Sunday, September 18, 2016

Baofeng 888 node radio

This is incredible. I found a guy online who provides a "modification service" for Baofeng 888 handheld radios. This modification allows the use of these cheap radios as a node radio for ham operators such as myself who want to run a local VoIP node. I have two VoIP nodes (one Allstar and one IRLP). And I had them setup using an Alinco node radio.

That Alinco radio is about $165 and it needs a $100 power supply to run it. It also can't be run very long without using some kind of fan against the heat sink. The fan is noisy and it's annoying to have to turn it on every time I want to operate.

The modified Baofeng I bought replaces that $265 worth of gear for $37. And it will operate all day long without any kind of a fan. No noise!

I am a happy camper.

Friday, July 8, 2016

Another chance

Ok, I'm going to back pedal a bit from my recent post "The Apple Experiment". One thing that prompted me to originally move to Google Drive from Apple's iCloud was because I was having trouble with my only Mac and started using my Chromebox instead. That's when it became evident that Apple's iCloud was never really suitable to be a truly platform-independent cloud service.

However, I have since ditched my Chromebox and am now back using Apple hardware again (I actually forked out for another iMac). So... yes that's right, I moved my stuff back to Apple's iCloud. It really does mostly work ok. And there is one advantage. Because all my iCloud data also sits on my local machine, I can easily back it up to external hard drives (something you can't really do with Google Drive).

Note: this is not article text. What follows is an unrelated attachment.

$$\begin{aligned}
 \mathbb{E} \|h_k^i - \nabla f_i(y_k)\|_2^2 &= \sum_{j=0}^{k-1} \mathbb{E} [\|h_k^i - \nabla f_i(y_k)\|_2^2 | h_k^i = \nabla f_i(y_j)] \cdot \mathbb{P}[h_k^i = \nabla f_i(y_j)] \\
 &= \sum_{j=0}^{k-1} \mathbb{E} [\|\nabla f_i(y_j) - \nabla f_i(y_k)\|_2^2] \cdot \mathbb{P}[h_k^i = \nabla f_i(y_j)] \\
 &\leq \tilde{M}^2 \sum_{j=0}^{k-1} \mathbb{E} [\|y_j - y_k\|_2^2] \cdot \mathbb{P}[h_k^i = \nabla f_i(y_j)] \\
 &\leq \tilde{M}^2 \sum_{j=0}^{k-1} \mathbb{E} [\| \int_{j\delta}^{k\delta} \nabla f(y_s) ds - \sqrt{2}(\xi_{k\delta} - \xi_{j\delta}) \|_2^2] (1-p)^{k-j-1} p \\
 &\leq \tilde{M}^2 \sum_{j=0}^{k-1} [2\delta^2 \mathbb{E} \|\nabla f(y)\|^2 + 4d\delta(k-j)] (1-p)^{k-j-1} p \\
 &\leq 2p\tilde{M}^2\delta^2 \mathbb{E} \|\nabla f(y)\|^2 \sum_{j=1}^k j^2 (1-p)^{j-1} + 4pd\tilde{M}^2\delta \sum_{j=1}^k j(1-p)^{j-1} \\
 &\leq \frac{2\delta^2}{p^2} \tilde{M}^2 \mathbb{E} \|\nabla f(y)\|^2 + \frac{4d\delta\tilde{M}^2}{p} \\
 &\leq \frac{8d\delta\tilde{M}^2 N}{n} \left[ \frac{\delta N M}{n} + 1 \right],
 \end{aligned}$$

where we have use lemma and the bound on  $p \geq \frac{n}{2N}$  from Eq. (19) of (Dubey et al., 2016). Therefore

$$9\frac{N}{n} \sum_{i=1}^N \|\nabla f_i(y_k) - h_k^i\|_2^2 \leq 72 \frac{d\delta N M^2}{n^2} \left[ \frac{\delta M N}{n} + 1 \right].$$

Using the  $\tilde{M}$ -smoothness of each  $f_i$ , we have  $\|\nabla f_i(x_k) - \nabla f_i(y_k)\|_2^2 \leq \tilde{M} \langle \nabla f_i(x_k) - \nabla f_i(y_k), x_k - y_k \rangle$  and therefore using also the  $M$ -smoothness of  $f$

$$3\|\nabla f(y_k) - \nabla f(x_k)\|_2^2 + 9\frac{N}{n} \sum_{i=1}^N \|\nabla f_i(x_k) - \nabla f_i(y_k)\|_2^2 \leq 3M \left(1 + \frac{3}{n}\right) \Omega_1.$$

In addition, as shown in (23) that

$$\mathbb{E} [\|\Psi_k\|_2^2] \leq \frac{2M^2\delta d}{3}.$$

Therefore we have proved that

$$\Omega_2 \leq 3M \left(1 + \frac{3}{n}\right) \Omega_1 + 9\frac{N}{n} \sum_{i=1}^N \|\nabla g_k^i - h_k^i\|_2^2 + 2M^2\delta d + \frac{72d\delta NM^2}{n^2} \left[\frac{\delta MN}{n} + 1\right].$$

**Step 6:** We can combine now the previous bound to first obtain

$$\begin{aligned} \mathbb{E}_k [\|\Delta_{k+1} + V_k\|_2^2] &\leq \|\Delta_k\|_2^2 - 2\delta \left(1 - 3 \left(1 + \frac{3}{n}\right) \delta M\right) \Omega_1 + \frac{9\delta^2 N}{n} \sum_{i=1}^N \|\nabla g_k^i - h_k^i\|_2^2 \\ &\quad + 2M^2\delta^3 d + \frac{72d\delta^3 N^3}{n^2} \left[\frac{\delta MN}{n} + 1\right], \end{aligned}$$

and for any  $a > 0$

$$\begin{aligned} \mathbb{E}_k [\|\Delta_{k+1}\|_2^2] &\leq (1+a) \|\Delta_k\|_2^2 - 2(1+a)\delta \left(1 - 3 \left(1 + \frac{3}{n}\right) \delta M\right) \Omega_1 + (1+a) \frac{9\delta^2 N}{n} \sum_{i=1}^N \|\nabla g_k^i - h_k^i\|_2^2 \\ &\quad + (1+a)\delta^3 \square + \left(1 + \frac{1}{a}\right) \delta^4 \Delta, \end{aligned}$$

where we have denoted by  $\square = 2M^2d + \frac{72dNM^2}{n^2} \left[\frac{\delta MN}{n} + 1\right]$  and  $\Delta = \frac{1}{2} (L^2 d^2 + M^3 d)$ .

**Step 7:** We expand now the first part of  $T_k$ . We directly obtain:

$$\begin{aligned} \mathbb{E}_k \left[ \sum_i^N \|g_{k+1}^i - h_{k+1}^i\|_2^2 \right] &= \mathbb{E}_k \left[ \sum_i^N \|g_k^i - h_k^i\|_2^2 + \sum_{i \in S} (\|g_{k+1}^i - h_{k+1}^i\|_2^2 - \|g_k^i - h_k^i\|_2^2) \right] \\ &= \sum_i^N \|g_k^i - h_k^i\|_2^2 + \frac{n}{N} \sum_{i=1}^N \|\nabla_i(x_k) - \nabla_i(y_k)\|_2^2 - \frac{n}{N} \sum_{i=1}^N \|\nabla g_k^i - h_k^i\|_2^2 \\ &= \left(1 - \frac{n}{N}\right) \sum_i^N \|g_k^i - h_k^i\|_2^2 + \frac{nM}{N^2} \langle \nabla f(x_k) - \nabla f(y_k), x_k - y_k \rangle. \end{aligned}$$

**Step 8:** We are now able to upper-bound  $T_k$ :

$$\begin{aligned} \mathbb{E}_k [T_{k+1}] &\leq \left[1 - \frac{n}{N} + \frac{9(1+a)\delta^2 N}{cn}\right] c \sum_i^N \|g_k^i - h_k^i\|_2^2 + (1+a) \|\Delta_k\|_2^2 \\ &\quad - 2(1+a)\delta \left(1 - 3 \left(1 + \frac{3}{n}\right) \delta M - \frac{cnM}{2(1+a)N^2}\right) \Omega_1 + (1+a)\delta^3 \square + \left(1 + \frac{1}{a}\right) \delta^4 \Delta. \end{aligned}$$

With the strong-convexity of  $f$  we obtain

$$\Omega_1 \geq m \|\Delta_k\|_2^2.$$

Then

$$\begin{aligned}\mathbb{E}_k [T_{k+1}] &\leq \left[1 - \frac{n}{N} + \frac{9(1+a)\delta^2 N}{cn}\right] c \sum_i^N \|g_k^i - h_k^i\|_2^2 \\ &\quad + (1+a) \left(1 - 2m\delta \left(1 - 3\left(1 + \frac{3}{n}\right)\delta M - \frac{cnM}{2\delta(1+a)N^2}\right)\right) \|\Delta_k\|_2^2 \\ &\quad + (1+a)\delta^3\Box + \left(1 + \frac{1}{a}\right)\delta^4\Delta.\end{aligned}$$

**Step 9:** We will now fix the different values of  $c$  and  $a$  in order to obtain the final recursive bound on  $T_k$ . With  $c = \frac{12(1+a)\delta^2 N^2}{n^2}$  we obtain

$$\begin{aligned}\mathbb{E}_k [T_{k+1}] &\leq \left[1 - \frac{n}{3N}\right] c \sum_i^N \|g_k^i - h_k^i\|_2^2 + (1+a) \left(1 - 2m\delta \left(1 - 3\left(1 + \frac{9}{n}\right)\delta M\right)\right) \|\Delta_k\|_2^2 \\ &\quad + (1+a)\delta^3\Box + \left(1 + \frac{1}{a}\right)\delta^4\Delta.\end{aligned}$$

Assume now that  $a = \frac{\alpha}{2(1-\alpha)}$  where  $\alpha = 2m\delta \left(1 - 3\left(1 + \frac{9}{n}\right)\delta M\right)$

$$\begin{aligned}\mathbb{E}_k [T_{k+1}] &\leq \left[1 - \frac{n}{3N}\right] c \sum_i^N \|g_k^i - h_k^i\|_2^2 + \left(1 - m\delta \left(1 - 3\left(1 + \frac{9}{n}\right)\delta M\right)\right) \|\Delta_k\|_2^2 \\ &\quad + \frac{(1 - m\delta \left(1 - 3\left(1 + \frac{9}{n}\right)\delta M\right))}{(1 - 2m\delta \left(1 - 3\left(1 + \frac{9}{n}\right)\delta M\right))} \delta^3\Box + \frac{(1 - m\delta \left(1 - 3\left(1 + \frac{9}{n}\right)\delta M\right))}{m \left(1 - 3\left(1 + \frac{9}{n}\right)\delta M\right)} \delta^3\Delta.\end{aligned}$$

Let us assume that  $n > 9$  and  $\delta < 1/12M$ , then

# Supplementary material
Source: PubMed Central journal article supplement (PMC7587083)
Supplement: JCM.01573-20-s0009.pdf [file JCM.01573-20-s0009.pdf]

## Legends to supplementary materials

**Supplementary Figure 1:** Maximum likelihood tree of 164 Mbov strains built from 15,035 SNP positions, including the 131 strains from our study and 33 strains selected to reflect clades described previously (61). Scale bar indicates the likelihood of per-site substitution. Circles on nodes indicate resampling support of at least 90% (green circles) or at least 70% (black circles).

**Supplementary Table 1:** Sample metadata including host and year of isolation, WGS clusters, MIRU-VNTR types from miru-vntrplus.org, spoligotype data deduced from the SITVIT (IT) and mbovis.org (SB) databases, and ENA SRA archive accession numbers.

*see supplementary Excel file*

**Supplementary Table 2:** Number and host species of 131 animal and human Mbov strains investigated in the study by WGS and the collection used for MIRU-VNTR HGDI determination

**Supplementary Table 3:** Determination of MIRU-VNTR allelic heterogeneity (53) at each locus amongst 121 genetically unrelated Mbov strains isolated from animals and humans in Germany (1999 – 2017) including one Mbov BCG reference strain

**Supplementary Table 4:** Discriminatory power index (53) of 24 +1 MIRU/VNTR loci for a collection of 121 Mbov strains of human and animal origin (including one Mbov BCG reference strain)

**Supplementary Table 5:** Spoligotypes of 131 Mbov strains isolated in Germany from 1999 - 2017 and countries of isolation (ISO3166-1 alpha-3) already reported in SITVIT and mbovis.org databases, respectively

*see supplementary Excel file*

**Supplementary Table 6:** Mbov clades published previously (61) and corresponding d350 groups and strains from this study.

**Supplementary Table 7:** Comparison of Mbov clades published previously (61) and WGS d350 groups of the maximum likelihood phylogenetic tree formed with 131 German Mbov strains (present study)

I am still relatively unhappy with the stability of MacOS. Since my last post there has been at least one instance where I had to hold down my power button to reset again. This sort of thing normally happens when I'm doing something fairly intense.

Originally my big problem with it was happening when I was encrypting 5-6 large external hard drives. More recently it happened when I was syncing a very large amount of data via iCloud. Under normal usage I don't have a problem. However that is no excuse. An OS that buckles under pressure is still highly annoying.

Sunday, July 3, 2016

Ham radio VoIP stuff

I have sort of ditched local ham radio in favor of a couple different VoIP setups. I have two VoIP nodes... one is IRLP and one is AllStar. They both run on the raspberry Pi 2.